Northeast states propose models for the future of DER interconnection
“Cost causation should be relegated to the dustbin of history,” says Ed Brolin, vice president of policy development and distributed government relations at RWE.
He’s far from alone in that opinion. But if the customer prompting a grid upgrade isn’t going to pay for it, and the utility won’t either, who will? Several states are experimenting with new cost-sharing mechanisms in an attempt to streamline the interconnection of distributed energy resources, like solar and battery storage.
Last year, Massachusetts established DPU 20-75, a provisional framework for planning and funding upgrades. Several group studies have been filed by Eversource and National Grid, the predominant investor-owned utilities in the region. One has already been approved: DPU 22-47. The rest are expected to be ruled upon in early 2024.
Richard Labrecque is uniquely qualified to discuss this topic. He currently serves as the director of interconnection and utility affairs at Agilitas Energy, a developer of distributed solar and battery storage assets. Unlike many of his peers, Labrecque also spent decades on the other side of the fence as a grid planner at Eversource. Last but not least, I have his email address.
Labreque understands DPU 22-47 as an opportunity for Eversource to “move forward with installing a very expensive set of system upgrades” in order to interconnect a portfolio of distributed energy resources. He adds:
That fixed cost for additional interconnection is pretty high ($385/KWh +/- 25%), but for developers, some cost certainty is better than none.
In Rhode Island, a customer prompting a system upgrade may be subject to a cost share if the modification is identified to benefit other customers. If a future customer benefits from the upgrade within a decade, they’d be subject to a cost share on a pro-rated basis.
Kathy Castro, director of engineering and asset management at Rhode Island Energy, calls it a “fairly fair” model.
“I haven’t met a developer not happy to get money back,” she laughed. Taxpayers may also favor Rhode Island’s method since the state isn’t fronting costly upgrade expenses.
However, the framework is far from perfect. Its administrative burden is a logistical nightmare, Castro acknowledges, and it can be difficult to evaluate exactly how a single customer may have benefitted from a previous upgrade, let alone the next customer and the one after that. And although developers may get compensation eventually, there are no guarantees, and they still have to pay for the upgrades upfront, extending resources that could be used on other projects.
Getting future legislation right
Castro recognizes developers may not see retroactive cost-sharing as the ultimate solution, but believes Rhode Island is headed in the right direction. She expects future models to include some combination of incentives and integrated grid modernization planning.
RWE’s Brolin agrees. “We should try to figure out all the upgrades that are necessary,” he recommended. “Why aren’t we figuring out what the grid upgrade totally needs to look like and spread that cost across all of society?”
Brolin insists we shouldn’t be worried about how to make utilities whole at this point. Rather, our focus should be on the societal benefits of system upgrades and connecting community solar. He asks utilities to split the bill for modernizing our grid, rather than putting it on the backs of developers.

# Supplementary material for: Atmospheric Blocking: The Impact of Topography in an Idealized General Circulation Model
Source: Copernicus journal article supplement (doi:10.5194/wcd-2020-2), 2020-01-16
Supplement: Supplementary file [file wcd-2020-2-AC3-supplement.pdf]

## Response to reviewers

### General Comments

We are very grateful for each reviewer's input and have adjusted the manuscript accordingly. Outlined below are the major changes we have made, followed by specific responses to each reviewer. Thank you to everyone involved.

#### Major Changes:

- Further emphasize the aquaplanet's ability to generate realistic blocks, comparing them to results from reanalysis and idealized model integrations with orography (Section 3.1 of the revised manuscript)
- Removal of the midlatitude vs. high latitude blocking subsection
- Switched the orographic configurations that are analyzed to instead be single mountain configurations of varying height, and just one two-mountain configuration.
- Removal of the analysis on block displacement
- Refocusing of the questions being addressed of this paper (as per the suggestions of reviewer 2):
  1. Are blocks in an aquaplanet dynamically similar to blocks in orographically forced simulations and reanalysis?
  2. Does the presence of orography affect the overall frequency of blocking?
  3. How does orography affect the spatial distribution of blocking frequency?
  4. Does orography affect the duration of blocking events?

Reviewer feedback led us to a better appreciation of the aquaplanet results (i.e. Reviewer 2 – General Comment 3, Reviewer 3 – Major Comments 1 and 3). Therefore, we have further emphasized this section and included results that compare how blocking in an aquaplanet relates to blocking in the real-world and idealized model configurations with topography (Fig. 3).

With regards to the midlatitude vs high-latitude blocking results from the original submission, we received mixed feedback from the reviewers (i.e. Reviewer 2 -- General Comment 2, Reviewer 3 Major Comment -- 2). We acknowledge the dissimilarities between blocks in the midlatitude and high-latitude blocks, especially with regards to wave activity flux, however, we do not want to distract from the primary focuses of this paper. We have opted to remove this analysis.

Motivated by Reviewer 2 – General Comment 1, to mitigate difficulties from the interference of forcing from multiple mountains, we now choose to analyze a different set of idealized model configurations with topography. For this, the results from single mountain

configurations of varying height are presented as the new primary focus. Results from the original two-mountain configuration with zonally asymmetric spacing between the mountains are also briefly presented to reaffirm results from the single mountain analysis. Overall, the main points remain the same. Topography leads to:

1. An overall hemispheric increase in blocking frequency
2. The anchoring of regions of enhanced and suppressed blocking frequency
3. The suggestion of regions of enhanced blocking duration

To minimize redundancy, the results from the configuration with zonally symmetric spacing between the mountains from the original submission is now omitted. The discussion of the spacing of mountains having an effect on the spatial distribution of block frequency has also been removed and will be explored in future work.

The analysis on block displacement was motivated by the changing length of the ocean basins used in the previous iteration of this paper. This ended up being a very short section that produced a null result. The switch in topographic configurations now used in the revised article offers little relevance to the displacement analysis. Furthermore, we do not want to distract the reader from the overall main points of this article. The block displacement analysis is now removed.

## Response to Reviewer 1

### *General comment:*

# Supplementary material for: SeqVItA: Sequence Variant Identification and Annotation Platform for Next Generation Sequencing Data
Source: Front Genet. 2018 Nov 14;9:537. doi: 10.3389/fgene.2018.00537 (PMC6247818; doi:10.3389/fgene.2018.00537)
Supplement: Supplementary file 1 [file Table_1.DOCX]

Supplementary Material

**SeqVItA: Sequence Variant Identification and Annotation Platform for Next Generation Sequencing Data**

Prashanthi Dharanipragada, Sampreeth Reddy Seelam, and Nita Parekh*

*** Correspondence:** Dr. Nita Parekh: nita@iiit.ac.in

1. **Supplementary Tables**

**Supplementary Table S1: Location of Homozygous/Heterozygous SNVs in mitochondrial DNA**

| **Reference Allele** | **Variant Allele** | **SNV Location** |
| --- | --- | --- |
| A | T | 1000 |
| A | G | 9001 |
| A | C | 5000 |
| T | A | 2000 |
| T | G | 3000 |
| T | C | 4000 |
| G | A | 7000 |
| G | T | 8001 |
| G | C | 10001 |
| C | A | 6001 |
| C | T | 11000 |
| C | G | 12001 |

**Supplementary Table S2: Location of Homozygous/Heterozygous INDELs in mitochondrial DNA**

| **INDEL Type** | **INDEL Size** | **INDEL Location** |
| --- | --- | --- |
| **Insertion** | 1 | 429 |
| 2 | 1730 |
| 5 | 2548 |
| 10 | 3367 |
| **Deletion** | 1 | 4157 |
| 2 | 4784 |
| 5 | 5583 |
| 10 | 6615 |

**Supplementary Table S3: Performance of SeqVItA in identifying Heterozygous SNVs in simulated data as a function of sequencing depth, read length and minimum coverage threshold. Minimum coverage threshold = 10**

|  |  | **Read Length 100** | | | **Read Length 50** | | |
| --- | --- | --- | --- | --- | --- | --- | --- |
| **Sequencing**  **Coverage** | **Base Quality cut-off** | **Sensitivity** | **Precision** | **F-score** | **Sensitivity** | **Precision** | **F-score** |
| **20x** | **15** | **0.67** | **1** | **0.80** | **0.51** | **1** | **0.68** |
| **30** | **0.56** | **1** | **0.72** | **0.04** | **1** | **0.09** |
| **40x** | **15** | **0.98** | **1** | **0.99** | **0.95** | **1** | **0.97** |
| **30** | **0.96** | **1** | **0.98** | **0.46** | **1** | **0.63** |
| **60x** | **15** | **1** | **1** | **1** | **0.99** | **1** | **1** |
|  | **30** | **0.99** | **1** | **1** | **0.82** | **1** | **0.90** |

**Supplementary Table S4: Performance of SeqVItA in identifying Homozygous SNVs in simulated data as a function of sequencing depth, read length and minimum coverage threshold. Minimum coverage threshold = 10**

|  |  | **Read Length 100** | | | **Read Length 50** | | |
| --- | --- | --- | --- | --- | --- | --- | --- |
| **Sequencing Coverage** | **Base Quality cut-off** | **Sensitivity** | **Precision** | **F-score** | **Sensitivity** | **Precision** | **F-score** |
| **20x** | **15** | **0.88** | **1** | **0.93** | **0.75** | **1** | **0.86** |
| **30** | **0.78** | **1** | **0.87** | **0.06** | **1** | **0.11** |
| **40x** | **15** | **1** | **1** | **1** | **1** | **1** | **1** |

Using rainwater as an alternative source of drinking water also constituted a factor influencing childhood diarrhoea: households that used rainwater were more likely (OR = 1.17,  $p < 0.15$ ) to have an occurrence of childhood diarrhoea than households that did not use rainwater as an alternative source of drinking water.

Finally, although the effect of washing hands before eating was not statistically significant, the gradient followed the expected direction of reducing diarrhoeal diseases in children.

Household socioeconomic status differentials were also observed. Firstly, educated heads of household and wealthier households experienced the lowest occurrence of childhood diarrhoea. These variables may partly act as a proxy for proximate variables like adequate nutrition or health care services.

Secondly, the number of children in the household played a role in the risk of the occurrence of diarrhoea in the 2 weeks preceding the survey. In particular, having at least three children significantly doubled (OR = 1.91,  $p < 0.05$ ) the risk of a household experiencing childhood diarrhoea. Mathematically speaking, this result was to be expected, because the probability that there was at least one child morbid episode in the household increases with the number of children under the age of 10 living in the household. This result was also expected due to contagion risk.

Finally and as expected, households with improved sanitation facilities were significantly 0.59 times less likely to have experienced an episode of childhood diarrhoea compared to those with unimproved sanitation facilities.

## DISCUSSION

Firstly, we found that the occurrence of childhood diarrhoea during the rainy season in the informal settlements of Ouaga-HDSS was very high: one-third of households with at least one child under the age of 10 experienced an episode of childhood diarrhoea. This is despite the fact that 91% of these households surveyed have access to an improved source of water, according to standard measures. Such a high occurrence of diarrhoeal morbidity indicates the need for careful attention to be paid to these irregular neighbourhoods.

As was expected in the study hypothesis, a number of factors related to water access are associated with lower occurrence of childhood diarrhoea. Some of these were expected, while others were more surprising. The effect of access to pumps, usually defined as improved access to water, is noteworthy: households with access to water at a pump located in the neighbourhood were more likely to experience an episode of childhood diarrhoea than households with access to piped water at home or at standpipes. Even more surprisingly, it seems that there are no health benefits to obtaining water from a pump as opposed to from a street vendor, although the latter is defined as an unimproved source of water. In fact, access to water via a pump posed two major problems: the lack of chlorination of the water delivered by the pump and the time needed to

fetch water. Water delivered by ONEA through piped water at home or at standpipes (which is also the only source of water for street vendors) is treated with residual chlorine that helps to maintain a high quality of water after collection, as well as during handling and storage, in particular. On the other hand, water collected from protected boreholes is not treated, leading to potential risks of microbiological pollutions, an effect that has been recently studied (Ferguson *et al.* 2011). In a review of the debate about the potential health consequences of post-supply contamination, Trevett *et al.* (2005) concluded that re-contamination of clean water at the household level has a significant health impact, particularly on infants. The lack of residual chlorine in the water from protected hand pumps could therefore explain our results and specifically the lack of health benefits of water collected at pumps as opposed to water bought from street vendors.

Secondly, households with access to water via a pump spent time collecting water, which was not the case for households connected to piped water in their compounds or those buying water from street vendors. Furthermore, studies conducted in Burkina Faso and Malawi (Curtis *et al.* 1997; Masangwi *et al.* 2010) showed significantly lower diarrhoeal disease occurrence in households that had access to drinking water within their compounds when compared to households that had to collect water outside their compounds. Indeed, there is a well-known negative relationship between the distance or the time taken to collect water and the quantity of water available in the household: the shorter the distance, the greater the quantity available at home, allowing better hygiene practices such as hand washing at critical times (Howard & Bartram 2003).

Labrecque sees value in a model that taxes carbon output and recognizes the larger benefits of grid upgrades. He thinks the traditional approach is too reactive and that a more holistic strategy is required; one that involves planning ahead, preferably with utilities onboard.
“You can’t as a government wave a magic wand and say all interconnection costs will be rate-based because, now, there’s no incentive to find the smart and right connections,” he said. “Utilities will find a way to do it themselves if the right cost-sharing schemes are in place. If they have more skin in the game, they will find a way to do it quicker.”
Philip L. Bartlett II, J.D, chairman of the Maine Public Utilities Commission, was candid about his stance on current legislation at the GridTECH Connect Forum – Northeast event held in Newport, Rhode Island in October.
“I think in all these areas what we’re trying to do is shove new policy direction into (an) old framework. It’s clearly not working,” he stated. Bartlett admits some utility policies have been too restrictive, prohibiting customers from pursuing interconnection altogether.
The chief commercial officer of DSD Renewables, Eric Pollock, says assigning a more predictable cost to interconnect is an important initiative. “It’s something that we have to get right,” he stated. “If there was a better method as to the cost-sharing approach, you certainly would see much more renewables being adopted.”
RWE’s Brolin wants to ensure whatever new schemes we concoct avoid previous pitfalls.
“It’s necessary to critically examine every aspect to determine if it fits in the future,” he warned. “If we don’t change the regulatory paradigm, we will inevitably have a solar market that flourishes for a couple of years but then jams up because cost causation doesn’t work.”
“This is going to cost money and it’s going to have to come from somewhere,” reminded Brolin. “We are trying to transform our society and the cost needs to be borne by electricity bills.”
EDIT 11/20/23: Ed reached out to clarify the last quote in this article, featured directly above. He adds:
I actually don’t believe that the costs should be solely on electric bills. The point I was seeking to make was actually the opposite: if we’re trying to transform our society we *can’t* (and ought not to) have all of those costs borne by electric bills. We need a more equitable way of funding that transformation.